Voice thought to be Saddam's

Meanwhile, experts believe the voice on an audiotape released this week is Saddam Hussein's, a U.S. intelligence official said Friday.

The official said the quality of the 15-minute tape is not good, so analysts cannot determine "with absolute certainty" that the speaker is the deposed Iraqi leader.

The tape, played Thursday on Arabic-language TV network Al Arabiya, praised the Baath Party's ascension to power in Iraq by a coup 35 years ago, ridiculed the newly appointed Iraqi Governing Council and exhorted Iraqis to resist the U.S. occupation.

The speaker said the recording was made July 14, but intelligence officials said there was no way to authenticate the date. The tape obviously was made recently, officials said. (Full story)

U.S. officials have said Saddam's capture or death is essential to restoring stability in the country and preventing more attacks on U.S. forces.

Other developments

• Deputy Defense Secretary Paul Wolfowitz -- one of the chief architects of the war in Iraq -- arrived Friday in Baghdad for a low-key visit with civil administrator L. Paul Bremer. Wolfowitz has consistently defended the troop strength and the plan in place in Iraq. In April, he told a Senate committee Iraq's transition to democracy is bound to be messy and declined to estimate how long it would take.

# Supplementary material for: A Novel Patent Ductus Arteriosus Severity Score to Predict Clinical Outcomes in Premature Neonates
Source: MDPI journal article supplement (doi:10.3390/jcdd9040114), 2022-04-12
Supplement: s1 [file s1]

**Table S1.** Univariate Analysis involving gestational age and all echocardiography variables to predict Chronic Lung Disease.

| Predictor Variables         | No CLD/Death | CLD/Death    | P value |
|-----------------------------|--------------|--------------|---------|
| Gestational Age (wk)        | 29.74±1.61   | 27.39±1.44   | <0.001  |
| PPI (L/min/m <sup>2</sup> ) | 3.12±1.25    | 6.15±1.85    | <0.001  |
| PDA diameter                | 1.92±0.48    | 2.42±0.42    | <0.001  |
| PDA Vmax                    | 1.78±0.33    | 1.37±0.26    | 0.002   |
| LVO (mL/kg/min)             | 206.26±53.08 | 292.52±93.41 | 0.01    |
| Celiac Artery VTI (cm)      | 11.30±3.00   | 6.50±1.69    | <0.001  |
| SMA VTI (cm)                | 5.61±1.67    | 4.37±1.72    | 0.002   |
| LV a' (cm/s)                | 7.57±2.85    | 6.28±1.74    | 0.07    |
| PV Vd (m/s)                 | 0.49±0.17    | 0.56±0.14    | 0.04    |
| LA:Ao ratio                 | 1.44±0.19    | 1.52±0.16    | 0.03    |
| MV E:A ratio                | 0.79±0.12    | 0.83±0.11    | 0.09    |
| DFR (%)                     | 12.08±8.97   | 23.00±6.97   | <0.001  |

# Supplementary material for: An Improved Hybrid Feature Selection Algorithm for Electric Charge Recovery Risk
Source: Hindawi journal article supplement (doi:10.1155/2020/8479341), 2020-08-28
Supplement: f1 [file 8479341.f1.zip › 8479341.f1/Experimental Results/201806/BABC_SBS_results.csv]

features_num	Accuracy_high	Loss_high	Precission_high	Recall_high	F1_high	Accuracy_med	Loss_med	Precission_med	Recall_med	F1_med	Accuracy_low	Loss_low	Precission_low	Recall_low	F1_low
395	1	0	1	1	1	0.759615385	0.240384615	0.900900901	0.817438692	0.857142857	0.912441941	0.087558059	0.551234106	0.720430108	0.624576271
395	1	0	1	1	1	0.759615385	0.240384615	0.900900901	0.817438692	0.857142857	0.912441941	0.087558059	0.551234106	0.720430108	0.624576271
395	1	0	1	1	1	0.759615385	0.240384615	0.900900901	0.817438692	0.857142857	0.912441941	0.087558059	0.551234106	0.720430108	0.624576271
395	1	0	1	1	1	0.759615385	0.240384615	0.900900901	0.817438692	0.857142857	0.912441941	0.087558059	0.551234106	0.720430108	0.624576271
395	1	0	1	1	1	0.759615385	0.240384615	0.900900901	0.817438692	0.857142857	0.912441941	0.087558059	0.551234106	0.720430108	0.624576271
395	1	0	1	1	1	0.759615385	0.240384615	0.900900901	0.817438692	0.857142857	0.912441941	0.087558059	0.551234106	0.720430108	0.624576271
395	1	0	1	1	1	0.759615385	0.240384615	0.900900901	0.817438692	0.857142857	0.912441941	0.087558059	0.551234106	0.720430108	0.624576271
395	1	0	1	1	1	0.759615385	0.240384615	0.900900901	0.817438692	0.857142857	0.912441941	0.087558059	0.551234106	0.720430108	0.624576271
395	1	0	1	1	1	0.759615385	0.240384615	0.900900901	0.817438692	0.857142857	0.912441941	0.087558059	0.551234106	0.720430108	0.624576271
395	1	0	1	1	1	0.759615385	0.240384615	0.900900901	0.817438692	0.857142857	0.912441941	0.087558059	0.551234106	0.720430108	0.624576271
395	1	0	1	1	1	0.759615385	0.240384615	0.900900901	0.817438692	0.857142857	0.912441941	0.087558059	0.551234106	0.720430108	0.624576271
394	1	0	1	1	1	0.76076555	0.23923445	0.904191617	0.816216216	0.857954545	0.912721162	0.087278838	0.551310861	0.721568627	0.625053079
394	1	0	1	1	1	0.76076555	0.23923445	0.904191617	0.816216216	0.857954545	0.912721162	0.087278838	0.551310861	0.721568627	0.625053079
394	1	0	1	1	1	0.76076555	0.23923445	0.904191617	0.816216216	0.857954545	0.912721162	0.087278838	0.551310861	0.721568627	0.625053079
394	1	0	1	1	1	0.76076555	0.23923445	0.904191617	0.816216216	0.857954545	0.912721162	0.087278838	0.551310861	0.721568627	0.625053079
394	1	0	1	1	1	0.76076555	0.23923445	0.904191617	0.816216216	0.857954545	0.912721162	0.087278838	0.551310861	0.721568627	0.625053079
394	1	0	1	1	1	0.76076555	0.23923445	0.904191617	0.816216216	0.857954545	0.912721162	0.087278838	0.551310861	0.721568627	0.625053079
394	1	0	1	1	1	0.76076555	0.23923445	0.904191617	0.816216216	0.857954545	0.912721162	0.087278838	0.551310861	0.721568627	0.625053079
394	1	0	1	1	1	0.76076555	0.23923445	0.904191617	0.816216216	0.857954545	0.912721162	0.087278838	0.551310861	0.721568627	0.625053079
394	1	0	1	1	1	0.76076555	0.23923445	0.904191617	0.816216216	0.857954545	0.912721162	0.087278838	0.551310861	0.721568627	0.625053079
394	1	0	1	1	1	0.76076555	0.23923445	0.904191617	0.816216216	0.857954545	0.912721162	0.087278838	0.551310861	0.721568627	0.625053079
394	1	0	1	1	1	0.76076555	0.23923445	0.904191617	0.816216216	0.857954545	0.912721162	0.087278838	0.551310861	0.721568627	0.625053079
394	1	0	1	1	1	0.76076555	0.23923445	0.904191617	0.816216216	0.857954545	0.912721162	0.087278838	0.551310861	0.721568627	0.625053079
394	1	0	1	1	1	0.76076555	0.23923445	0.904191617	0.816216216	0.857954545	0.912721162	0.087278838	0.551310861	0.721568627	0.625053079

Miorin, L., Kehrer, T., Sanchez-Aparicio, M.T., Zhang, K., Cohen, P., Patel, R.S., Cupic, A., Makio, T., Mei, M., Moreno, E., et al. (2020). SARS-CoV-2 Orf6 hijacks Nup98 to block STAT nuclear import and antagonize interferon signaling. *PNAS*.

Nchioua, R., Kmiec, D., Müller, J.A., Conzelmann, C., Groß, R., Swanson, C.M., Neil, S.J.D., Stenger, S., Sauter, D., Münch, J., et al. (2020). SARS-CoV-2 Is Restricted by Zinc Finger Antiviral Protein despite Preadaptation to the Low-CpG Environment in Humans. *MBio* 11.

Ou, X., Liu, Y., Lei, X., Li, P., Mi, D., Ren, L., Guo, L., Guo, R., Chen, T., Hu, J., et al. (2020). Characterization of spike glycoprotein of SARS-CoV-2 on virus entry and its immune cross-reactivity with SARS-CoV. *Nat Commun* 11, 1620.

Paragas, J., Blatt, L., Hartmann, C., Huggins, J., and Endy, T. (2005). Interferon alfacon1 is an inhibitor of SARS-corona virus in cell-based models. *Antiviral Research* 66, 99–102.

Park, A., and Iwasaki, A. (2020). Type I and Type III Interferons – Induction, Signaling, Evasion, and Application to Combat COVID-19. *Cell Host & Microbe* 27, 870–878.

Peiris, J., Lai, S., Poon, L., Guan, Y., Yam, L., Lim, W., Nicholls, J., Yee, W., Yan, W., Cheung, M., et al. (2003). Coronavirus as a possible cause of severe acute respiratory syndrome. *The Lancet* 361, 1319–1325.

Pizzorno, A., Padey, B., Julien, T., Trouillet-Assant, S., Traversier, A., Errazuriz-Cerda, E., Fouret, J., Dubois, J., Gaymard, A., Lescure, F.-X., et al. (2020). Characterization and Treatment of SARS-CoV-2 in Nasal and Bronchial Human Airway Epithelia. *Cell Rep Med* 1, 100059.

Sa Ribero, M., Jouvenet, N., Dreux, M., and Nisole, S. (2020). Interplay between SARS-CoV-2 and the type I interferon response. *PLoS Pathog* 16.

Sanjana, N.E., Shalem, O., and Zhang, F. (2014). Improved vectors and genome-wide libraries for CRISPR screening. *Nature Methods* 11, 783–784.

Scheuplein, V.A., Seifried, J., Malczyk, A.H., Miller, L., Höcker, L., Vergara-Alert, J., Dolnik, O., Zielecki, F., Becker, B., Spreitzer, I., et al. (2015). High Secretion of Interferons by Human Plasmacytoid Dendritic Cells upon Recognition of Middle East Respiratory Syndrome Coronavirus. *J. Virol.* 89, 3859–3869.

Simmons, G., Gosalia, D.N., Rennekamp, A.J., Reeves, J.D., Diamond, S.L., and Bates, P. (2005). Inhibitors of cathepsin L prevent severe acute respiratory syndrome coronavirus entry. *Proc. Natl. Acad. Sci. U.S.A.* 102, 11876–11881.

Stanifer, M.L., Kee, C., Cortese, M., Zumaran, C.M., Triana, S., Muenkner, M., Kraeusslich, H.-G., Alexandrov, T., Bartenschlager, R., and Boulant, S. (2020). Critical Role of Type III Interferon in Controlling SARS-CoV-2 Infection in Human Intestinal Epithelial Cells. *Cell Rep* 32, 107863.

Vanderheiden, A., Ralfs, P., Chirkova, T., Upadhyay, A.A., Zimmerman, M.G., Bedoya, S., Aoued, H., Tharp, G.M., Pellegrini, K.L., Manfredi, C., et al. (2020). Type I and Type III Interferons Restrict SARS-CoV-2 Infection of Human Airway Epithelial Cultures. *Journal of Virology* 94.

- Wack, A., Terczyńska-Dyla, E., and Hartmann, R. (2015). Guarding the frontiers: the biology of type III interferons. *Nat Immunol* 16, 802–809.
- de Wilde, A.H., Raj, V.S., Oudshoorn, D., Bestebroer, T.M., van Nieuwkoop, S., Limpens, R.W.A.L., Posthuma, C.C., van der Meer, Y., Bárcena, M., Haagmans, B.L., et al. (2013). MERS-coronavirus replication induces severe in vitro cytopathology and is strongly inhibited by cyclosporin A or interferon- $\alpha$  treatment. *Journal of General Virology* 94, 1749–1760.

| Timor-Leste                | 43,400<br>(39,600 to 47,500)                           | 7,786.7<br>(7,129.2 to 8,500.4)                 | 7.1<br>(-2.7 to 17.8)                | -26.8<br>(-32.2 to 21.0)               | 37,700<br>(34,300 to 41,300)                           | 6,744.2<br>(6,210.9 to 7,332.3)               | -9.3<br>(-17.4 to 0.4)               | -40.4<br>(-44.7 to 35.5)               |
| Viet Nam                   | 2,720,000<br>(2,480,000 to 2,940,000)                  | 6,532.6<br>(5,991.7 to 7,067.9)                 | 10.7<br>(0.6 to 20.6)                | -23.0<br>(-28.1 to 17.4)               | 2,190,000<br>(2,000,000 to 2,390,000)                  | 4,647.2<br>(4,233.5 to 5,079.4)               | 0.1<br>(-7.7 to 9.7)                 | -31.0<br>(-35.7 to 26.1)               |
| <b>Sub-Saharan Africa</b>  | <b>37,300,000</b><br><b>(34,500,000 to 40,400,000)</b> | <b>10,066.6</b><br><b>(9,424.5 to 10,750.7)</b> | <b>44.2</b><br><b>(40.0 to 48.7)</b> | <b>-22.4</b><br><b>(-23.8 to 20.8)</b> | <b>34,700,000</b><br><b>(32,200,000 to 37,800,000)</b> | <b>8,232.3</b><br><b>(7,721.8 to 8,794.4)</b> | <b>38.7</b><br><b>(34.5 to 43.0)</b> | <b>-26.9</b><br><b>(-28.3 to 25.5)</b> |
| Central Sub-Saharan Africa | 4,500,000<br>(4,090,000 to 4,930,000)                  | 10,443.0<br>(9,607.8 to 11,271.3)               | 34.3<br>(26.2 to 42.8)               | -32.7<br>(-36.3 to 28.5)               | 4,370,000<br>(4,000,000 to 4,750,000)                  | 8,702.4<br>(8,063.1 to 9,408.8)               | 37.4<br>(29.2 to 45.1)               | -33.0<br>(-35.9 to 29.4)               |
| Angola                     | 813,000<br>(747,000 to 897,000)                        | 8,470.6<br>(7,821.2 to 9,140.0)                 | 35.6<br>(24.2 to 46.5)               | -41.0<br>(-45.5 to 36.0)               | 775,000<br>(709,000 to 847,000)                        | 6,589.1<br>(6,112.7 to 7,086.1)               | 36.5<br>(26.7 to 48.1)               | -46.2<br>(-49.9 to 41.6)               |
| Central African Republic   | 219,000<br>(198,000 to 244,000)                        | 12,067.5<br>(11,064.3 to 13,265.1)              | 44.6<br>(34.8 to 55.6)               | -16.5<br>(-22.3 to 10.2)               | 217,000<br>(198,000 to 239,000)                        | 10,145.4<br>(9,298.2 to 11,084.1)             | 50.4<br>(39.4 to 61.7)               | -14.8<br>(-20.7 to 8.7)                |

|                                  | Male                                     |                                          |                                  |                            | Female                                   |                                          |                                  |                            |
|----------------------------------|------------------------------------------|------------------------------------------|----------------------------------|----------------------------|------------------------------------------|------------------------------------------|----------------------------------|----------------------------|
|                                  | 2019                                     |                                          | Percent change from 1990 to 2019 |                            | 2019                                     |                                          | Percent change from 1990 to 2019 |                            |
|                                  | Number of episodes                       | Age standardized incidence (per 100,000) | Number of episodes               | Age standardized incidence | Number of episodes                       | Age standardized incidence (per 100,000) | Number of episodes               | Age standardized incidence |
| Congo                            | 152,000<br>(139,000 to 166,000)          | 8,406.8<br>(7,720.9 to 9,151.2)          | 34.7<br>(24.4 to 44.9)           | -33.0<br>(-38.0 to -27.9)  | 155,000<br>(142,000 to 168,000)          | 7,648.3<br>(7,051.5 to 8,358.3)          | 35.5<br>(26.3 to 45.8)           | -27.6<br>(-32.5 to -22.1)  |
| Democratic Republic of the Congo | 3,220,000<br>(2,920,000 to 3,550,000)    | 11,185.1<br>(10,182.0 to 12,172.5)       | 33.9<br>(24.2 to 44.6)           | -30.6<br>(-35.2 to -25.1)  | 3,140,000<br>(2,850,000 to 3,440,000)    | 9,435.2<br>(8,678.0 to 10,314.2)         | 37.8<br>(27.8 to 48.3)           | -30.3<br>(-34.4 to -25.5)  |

• A team of outside experts assessing reconstruction efforts in Iraq warns that "the potential for chaos ... is becoming more real every day" unless the U.S.-backed Coalition Provisional Authority moves quickly. (Full story)

• David Kelly, 59, a microbiologist and former U.N. weapons inspector in Iraq who was named by the British government as a possible source for a BBC report that the prime minister's office "sexed up" a dossier on Iraq's weapons of mass destruction, has been missing since Thursday afternoon. Police said they found a man's body Friday morning a few miles from Kelly's suburban London home, but it hasn't been identified. (Full story)

• Pentagon officials are discussing informally the setup of a private Iraqi security force that would take over responsibility for guarding commercial and government sites against looting and other criminal activity. (Full story)

• The Pentagon said Friday that Petty Officer 3rd Class David J. Moreno, 26, of Gering, Nebraska, was killed July 17 in Al Hamishiyah, Iraq, from a non-hostile gunshot wound. Moreno was assigned to the Naval Medical Center San Diego, California, Fourth Marine Division Detachment. The incident is under investigation.

• Retired Lt. Gen. Jay Garner, former U.S. interim administrator in Iraq, told a House committee Friday that stabilizing Iraq would be "a long road." Addressing security in the triangle area of Fallujah, Tikrit and Baghdad, Garner said the area is home to more 1 million "hard-core" Baathists. "Even if only 5 percent of those people are against us, that's a big number," he said. "Until we tighten the noose on them ... it's going to be difficult."

Correspondents Dana Bash, Rym Brahimi, Jill Dougherty, Jonathan Karl, Jamie McIntyre, Nic Robertson and Barbara Starr contributed to this report.